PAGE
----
This blog is not about current politics. Nevertheless, we think it’s extremely important for litigators to understand the mood of the country. Why? To make the proper “pitch” to those sitting on military juries or otherwise deciding issues affecting their clients.
Where are we as a nation? Author Bill Bishop sees these factors in play:
- a precipitous decline in trust toward governments
- a similar lack of confidence in virtually all other institutions
- an international lack of trust – regardless of political history, electoral system, or style of government. In many republics, the voting public considers its current leaders highly inept and often opts for big changes
- voters feel strongly anti-government; they “vote with their feet,” spurning institutions they have supported for generations. Examples? “Rust belt” voters choosing President Trump, or the calamitous decline in mainline Protestant churches; reportedly, the six largest Protestant denominations together lost 5.6 million members [20 to 30% of their membership] between 1965 and 1990.
Another thoughtful commentator summarizes things this way:
- middle class wage stagnation
- lesser job opportunities
- and decreased opportunities for middle class social/economic advancement
Given recent election results, are progressive jurors the new minority? Author Ruy Teixerla thinks not. “There’s no going back” – the place of immigrants, minorities, gays, and women is reasonably well-settled in American society. The current administration will be unable to change this much, despite the enthusiasm of hard-core supporters. Moreover, conservatives must live with demographic changes –newer generations are more brown than white, and probably more progressive than their parents. Note the flirtation with “Bernie” and a bit of socialism.
Jettisoning Obama-era gains – such as environmental regulations – may not be easy. True enough, much can be done by Executive Order. However, everything from a clean environment to some sort of affordable health care is broadly popular. They are often supported by deeply-entrenched programs which will be hard to eradicate. Moreover, liberals can be expected to take many of these issues into the courts and voting booths. A wall with Mexico? Taxpayer Jones owns some of that land and may very well refuse to sell. Taxpayers Smith and Brown may similarly refuse. Eminent domain actions by a Trump government might end up being neither popular nor quite a “sure thing.”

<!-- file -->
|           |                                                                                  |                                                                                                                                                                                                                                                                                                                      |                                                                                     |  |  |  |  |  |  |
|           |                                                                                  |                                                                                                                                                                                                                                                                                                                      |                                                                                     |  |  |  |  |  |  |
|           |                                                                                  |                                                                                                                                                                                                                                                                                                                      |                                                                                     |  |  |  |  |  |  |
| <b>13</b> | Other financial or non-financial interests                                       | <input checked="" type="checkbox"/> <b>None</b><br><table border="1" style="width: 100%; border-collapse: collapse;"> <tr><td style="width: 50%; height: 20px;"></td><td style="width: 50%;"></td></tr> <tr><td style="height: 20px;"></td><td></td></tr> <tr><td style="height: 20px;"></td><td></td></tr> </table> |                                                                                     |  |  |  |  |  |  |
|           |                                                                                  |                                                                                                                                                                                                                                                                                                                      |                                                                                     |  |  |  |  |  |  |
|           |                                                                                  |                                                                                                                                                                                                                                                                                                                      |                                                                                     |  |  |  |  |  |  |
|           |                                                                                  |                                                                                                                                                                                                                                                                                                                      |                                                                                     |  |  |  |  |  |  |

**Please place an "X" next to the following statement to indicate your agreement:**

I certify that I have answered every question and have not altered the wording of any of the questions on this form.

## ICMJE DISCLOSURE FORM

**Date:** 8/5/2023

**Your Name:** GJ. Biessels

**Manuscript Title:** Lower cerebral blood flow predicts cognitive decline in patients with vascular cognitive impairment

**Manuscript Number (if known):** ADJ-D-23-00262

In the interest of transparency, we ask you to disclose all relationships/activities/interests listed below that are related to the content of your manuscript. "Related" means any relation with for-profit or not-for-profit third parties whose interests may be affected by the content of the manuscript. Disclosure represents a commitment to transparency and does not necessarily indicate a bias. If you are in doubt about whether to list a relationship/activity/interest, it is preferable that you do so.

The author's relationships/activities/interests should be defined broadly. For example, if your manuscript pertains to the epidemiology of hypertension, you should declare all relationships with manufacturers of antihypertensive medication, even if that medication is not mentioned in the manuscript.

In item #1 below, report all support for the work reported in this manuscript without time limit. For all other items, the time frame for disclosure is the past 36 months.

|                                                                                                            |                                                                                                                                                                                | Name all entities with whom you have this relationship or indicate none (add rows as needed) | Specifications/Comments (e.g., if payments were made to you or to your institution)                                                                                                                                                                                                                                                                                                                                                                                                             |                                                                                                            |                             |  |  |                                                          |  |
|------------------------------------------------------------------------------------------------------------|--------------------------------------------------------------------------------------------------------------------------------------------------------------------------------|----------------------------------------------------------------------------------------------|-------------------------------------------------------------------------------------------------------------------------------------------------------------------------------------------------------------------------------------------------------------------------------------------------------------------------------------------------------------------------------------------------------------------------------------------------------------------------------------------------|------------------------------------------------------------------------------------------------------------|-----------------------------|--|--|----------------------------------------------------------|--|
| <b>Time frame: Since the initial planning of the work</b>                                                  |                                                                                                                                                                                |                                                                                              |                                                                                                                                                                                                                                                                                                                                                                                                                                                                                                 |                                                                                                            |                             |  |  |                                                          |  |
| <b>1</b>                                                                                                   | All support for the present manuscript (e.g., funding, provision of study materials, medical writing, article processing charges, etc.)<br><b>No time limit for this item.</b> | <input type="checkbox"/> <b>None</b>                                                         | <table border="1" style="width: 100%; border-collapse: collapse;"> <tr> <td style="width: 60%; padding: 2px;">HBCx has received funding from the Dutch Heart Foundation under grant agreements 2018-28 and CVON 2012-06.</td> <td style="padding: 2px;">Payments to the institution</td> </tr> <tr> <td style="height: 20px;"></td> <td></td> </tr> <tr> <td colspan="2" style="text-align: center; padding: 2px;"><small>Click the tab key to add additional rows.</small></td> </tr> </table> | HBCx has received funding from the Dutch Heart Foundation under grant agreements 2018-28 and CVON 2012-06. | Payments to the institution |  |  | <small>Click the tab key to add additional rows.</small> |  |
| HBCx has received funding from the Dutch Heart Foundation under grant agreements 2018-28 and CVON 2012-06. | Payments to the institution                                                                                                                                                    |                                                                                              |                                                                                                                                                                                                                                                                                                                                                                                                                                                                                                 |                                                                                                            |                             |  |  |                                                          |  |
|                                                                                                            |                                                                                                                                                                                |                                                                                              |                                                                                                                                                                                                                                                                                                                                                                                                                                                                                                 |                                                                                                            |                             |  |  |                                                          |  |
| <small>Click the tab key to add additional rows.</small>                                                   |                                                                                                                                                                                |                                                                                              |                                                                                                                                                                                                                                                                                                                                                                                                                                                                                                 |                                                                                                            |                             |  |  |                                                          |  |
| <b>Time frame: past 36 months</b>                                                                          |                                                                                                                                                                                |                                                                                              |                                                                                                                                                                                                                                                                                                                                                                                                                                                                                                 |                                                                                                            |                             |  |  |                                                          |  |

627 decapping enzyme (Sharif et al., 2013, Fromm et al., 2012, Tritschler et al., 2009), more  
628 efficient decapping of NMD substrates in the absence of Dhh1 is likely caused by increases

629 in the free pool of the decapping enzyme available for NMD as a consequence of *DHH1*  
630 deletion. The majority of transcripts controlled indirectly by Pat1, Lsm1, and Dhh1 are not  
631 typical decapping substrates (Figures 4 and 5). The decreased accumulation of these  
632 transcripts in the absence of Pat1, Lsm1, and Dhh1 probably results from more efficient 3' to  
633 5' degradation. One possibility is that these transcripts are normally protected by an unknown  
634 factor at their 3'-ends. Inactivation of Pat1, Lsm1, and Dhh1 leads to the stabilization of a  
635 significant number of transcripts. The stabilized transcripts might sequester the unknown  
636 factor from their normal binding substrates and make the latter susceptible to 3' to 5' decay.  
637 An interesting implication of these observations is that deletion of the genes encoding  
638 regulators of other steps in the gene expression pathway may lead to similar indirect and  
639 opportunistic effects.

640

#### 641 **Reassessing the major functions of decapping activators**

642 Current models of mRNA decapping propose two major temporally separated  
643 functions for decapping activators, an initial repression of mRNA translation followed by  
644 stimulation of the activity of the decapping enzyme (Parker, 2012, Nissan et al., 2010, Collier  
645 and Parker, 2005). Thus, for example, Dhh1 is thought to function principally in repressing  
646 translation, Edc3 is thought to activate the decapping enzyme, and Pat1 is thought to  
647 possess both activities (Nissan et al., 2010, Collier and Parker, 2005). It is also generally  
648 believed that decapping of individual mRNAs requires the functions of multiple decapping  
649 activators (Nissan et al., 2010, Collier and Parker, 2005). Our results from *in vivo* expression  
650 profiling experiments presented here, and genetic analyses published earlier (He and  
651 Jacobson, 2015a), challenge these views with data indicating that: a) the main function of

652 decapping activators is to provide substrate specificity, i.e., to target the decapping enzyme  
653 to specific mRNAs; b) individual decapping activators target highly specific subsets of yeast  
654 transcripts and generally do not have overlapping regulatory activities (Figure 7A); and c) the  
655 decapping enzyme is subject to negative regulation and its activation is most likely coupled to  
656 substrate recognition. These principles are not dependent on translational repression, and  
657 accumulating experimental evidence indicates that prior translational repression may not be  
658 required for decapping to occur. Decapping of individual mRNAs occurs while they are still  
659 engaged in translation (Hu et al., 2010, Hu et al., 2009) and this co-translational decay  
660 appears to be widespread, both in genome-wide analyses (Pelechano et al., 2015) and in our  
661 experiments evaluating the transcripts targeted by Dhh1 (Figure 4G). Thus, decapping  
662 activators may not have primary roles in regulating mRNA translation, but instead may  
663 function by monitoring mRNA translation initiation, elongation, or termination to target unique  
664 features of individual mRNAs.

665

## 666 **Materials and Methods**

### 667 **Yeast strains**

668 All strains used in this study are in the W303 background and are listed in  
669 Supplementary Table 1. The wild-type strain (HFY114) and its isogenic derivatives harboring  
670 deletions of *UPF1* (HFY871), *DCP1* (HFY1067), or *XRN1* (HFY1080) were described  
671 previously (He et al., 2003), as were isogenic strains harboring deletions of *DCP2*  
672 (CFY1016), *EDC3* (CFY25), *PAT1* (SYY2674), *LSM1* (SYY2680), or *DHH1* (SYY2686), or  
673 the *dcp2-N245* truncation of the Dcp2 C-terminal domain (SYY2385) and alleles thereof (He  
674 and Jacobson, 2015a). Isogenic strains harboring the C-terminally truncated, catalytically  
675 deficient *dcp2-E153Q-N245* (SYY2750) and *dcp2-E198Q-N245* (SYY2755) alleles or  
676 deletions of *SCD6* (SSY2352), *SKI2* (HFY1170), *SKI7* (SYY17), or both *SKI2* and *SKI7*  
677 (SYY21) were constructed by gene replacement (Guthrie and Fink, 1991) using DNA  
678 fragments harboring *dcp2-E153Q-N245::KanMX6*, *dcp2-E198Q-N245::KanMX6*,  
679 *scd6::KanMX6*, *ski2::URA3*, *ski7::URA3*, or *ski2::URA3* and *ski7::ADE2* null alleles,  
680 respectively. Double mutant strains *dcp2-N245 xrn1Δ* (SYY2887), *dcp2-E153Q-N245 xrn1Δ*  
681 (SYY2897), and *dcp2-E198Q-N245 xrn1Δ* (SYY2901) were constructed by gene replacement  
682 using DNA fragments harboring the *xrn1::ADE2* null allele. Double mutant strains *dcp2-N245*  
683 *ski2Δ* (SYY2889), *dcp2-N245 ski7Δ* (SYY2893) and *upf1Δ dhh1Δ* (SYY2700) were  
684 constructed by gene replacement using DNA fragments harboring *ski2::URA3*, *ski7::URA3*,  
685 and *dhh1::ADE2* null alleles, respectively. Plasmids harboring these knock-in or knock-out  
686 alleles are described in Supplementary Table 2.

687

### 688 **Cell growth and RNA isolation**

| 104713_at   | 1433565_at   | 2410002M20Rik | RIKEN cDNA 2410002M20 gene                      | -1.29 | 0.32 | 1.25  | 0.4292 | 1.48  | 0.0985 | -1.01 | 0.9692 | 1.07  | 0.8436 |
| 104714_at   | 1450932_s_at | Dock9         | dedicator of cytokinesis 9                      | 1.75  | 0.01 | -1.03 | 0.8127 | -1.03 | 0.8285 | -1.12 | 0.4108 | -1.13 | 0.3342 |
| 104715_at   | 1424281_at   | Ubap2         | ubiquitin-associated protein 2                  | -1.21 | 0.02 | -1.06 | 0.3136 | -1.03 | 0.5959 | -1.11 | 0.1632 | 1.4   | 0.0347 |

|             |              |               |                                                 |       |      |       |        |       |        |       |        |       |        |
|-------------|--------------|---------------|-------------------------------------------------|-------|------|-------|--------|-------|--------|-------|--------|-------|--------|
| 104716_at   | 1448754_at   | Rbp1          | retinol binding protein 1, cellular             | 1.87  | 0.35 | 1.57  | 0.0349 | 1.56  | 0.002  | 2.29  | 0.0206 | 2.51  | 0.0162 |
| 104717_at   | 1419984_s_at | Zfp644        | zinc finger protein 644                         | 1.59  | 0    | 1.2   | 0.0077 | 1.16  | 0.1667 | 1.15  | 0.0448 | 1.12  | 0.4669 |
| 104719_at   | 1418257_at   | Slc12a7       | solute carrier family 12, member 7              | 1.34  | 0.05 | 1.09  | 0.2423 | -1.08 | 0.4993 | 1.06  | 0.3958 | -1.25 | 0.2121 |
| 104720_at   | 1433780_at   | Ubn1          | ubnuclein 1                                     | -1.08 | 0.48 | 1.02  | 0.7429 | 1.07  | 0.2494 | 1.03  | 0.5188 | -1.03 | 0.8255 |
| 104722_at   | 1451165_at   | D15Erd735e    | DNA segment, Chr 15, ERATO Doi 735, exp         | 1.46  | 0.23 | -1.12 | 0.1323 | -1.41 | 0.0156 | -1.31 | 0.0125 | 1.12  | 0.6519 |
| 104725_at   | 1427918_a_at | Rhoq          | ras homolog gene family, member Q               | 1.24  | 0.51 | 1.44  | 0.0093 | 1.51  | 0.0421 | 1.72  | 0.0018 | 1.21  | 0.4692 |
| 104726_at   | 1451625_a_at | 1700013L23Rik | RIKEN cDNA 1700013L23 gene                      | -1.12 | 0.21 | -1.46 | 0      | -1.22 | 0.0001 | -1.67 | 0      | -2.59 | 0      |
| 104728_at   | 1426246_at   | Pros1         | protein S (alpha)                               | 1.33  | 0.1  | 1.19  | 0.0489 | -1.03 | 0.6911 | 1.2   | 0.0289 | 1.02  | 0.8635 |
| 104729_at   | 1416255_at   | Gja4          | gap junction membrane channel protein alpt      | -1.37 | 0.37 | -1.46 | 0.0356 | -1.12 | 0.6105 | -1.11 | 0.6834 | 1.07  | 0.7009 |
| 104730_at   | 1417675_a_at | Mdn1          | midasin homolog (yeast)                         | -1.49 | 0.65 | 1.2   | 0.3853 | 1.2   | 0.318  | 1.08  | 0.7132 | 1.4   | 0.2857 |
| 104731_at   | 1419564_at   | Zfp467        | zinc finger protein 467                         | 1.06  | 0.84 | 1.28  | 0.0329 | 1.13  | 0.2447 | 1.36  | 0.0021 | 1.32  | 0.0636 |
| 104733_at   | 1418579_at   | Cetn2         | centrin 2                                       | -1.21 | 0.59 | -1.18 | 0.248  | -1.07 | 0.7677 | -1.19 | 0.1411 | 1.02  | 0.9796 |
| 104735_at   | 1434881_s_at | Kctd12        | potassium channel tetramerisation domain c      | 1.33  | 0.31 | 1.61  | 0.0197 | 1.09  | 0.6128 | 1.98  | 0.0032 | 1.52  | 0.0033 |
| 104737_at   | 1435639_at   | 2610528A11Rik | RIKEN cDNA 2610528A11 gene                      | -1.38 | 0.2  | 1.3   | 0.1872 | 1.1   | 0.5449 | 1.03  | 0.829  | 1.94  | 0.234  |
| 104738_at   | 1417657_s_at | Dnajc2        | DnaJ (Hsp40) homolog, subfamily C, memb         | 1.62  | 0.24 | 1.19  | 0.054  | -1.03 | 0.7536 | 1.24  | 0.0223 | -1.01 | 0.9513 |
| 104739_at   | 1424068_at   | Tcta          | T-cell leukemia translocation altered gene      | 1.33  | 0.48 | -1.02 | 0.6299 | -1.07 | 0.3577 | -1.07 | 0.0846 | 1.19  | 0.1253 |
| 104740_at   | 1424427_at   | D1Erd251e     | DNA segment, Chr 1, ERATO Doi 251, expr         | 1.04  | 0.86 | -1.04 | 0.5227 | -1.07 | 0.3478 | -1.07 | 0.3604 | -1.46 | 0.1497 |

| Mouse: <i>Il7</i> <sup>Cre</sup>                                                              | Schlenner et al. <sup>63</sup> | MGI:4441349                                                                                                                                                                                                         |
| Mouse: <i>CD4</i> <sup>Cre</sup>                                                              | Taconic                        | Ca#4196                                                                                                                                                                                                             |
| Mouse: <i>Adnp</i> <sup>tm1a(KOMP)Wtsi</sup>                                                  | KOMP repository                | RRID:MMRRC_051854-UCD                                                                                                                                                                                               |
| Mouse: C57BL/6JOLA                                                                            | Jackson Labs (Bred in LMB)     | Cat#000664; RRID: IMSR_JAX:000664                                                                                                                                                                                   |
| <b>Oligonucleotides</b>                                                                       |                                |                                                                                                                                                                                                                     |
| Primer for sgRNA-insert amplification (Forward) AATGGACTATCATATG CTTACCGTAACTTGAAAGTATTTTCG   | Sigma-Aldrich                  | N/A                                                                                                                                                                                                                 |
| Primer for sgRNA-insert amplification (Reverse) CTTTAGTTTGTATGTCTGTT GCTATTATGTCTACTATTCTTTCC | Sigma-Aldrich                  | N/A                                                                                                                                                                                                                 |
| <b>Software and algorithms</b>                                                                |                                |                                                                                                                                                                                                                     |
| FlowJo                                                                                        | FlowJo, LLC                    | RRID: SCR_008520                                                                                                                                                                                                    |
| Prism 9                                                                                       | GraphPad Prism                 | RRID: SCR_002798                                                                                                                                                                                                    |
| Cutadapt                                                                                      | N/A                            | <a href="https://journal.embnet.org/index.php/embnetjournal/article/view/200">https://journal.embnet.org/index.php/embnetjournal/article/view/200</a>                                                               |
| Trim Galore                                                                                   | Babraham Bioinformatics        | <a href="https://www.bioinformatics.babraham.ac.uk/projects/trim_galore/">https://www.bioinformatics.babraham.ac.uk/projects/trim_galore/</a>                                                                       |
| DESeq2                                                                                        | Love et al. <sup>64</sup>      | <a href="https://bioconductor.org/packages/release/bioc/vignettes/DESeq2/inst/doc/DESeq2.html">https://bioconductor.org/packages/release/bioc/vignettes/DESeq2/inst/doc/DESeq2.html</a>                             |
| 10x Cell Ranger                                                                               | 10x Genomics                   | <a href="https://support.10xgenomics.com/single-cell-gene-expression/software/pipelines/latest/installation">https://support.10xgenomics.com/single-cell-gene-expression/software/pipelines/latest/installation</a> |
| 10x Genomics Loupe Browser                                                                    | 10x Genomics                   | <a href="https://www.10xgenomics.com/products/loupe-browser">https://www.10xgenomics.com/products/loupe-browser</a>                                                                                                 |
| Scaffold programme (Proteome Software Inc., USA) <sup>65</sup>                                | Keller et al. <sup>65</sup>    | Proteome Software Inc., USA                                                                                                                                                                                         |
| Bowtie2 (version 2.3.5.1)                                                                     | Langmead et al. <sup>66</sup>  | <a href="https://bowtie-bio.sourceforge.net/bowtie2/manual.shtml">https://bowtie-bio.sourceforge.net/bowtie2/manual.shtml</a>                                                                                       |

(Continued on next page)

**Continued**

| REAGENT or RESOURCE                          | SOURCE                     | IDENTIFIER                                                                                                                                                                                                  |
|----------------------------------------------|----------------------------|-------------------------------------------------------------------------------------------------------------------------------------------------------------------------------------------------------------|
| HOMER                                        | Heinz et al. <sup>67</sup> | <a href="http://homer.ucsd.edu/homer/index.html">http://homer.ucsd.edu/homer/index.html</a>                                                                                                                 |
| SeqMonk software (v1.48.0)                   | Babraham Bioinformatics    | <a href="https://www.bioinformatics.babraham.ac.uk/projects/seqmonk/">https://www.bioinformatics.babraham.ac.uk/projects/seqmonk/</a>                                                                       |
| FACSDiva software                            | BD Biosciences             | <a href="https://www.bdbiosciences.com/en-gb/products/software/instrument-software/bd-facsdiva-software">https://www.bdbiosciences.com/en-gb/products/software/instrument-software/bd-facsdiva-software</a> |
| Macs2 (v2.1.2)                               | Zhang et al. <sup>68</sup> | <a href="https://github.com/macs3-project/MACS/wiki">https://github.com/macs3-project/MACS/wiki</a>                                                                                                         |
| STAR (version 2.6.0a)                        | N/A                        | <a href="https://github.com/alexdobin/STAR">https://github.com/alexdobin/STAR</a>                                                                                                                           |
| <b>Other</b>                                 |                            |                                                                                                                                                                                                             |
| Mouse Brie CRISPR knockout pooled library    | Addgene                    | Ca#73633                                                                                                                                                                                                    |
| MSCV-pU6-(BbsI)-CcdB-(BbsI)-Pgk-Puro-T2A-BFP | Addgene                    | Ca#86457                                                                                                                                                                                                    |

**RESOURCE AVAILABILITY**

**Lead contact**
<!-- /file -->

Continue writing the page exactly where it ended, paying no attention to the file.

Perhaps Americans can best be seen as “symbolic conservatives” who honor tradition, distrust novelty, and embrace traditional labels. Nevertheless, these same Americans might arguably be called “practical liberals” – comfortable with a Federal government supporting everything from tax reform to PBS funding to Meals on Wheels. Statistics seem to indicate that “welfare state” programs enjoy substantial public support.
Some see President Trump as a populist who ultimately will find scant common ground with the conservative Tea Party wing of the GOP. Note the recent failure to replace Obamacare. The new administration is already planning tax cuts for the well-to-do [trickle-down economics], underfunding important social programs, and implementing programs distrustful of immigrants. However, Americans likely will resist transforming America into a libertarian nation – privatizing Social Security or replacing Medicare with vouchers.
All this leads back to the advocate’s vital need to understand what is going on in politics. Jury members likely will be impacted by where they fall in the economic spectrum, in terms of both income and opportunity. In turn, that will color their view of society and the world – and likely affect how they will vote at trial.
Again, we are not advocating any particular point on the political spectrum. Rather, the intent is to encourage attorneys to know where their public stands, given our topsy-turvy politics. Advocates must understand the aspirations, and beliefs undergirding military decision makers. That know-how is crucial to effective advocacy.